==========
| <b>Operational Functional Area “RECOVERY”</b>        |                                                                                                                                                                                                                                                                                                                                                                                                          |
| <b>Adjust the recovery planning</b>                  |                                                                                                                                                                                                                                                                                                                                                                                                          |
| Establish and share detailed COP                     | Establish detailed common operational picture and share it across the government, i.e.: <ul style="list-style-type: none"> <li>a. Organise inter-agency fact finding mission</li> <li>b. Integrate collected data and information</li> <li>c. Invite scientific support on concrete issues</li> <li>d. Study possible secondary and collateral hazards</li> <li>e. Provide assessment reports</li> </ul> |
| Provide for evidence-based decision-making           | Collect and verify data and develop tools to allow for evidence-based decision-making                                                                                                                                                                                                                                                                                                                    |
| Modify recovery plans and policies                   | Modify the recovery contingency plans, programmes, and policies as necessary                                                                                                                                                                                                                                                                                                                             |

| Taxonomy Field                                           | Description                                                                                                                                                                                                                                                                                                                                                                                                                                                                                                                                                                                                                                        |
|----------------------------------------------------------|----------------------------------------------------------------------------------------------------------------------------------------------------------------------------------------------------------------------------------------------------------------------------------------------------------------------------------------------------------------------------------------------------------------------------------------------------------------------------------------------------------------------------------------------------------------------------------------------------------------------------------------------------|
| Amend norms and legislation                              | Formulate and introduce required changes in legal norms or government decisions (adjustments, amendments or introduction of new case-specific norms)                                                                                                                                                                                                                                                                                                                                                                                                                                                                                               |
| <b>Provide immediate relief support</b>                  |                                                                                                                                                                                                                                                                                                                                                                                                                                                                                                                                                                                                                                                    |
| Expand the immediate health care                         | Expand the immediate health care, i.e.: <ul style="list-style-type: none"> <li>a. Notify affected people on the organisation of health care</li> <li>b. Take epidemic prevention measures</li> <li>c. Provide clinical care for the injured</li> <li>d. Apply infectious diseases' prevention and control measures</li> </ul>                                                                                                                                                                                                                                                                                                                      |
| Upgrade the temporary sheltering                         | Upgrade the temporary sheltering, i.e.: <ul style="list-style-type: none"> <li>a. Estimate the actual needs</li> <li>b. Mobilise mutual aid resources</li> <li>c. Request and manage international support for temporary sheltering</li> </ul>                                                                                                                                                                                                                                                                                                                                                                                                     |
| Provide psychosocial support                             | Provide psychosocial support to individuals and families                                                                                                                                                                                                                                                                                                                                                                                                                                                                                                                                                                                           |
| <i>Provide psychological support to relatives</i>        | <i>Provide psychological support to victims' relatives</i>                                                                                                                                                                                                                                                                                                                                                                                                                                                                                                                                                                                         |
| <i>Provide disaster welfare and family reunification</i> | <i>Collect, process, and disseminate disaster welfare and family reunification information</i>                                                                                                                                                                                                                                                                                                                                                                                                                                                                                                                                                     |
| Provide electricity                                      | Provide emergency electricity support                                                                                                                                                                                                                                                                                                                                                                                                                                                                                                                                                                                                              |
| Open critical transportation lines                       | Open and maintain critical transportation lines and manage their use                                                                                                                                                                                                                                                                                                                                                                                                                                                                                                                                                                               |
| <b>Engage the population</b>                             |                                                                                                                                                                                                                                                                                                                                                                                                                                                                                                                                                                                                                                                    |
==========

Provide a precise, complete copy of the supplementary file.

| <b>Operational Functional Area “RECOVERY”</b>        |                                                                                                                                                                                                                                                                                                                                                                                                          |
| <b>Adjust the recovery planning</b>                  |                                                                                                                                                                                                                                                                                                                                                                                                          |
| Establish and share detailed COP                     | Establish detailed common operational picture and share it across the government, i.e.: <ul style="list-style-type: none"> <li>a. Organise inter-agency fact finding mission</li> <li>b. Integrate collected data and information</li> <li>c. Invite scientific support on concrete issues</li> <li>d. Study possible secondary and collateral hazards</li> <li>e. Provide assessment reports</li> </ul> |
| Provide for evidence-based decision-making           | Collect and verify data and develop tools to allow for evidence-based decision-making                                                                                                                                                                                                                                                                                                                    |
| Modify recovery plans and policies                   | Modify the recovery contingency plans, programmes, and policies as necessary                                                                                                                                                                                                                                                                                                                             |

| Taxonomy Field                                           | Description                                                                                                                                                                                                                                                                                                                                                                                                                                                                                                                                                                                                                                        |
|----------------------------------------------------------|----------------------------------------------------------------------------------------------------------------------------------------------------------------------------------------------------------------------------------------------------------------------------------------------------------------------------------------------------------------------------------------------------------------------------------------------------------------------------------------------------------------------------------------------------------------------------------------------------------------------------------------------------|
| Amend norms and legislation                              | Formulate and introduce required changes in legal norms or government decisions (adjustments, amendments or introduction of new case-specific norms)                                                                                                                                                                                                                                                                                                                                                                                                                                                                                               |
| <b>Provide immediate relief support</b>                  |                                                                                                                                                                                                                                                                                                                                                                                                                                                                                                                                                                                                                                                    |
| Expand the immediate health care                         | Expand the immediate health care, i.e.: <ul style="list-style-type: none"> <li>a. Notify affected people on the organisation of health care</li> <li>b. Take epidemic prevention measures</li> <li>c. Provide clinical care for the injured</li> <li>d. Apply infectious diseases' prevention and control measures</li> </ul>                                                                                                                                                                                                                                                                                                                      |
| Upgrade the temporary sheltering                         | Upgrade the temporary sheltering, i.e.: <ul style="list-style-type: none"> <li>a. Estimate the actual needs</li> <li>b. Mobilise mutual aid resources</li> <li>c. Request and manage international support for temporary sheltering</li> </ul>                                                                                                                                                                                                                                                                                                                                                                                                     |
| Provide psychosocial support                             | Provide psychosocial support to individuals and families                                                                                                                                                                                                                                                                                                                                                                                                                                                                                                                                                                                           |
| <i>Provide psychological support to relatives</i>        | <i>Provide psychological support to victims' relatives</i>                                                                                                                                                                                                                                                                                                                                                                                                                                                                                                                                                                                         |
| <i>Provide disaster welfare and family reunification</i> | <i>Collect, process, and disseminate disaster welfare and family reunification information</i>                                                                                                                                                                                                                                                                                                                                                                                                                                                                                                                                                     |
| Provide electricity                                      | Provide emergency electricity support                                                                                                                                                                                                                                                                                                                                                                                                                                                                                                                                                                                                              |
| Open critical transportation lines                       | Open and maintain critical transportation lines and manage their use                                                                                                                                                                                                                                                                                                                                                                                                                                                                                                                                                                               |
| <b>Engage the population</b>                             |                                                                                                                                                                                                                                                                                                                                                                                                                                                                                                                                                                                                                                                    |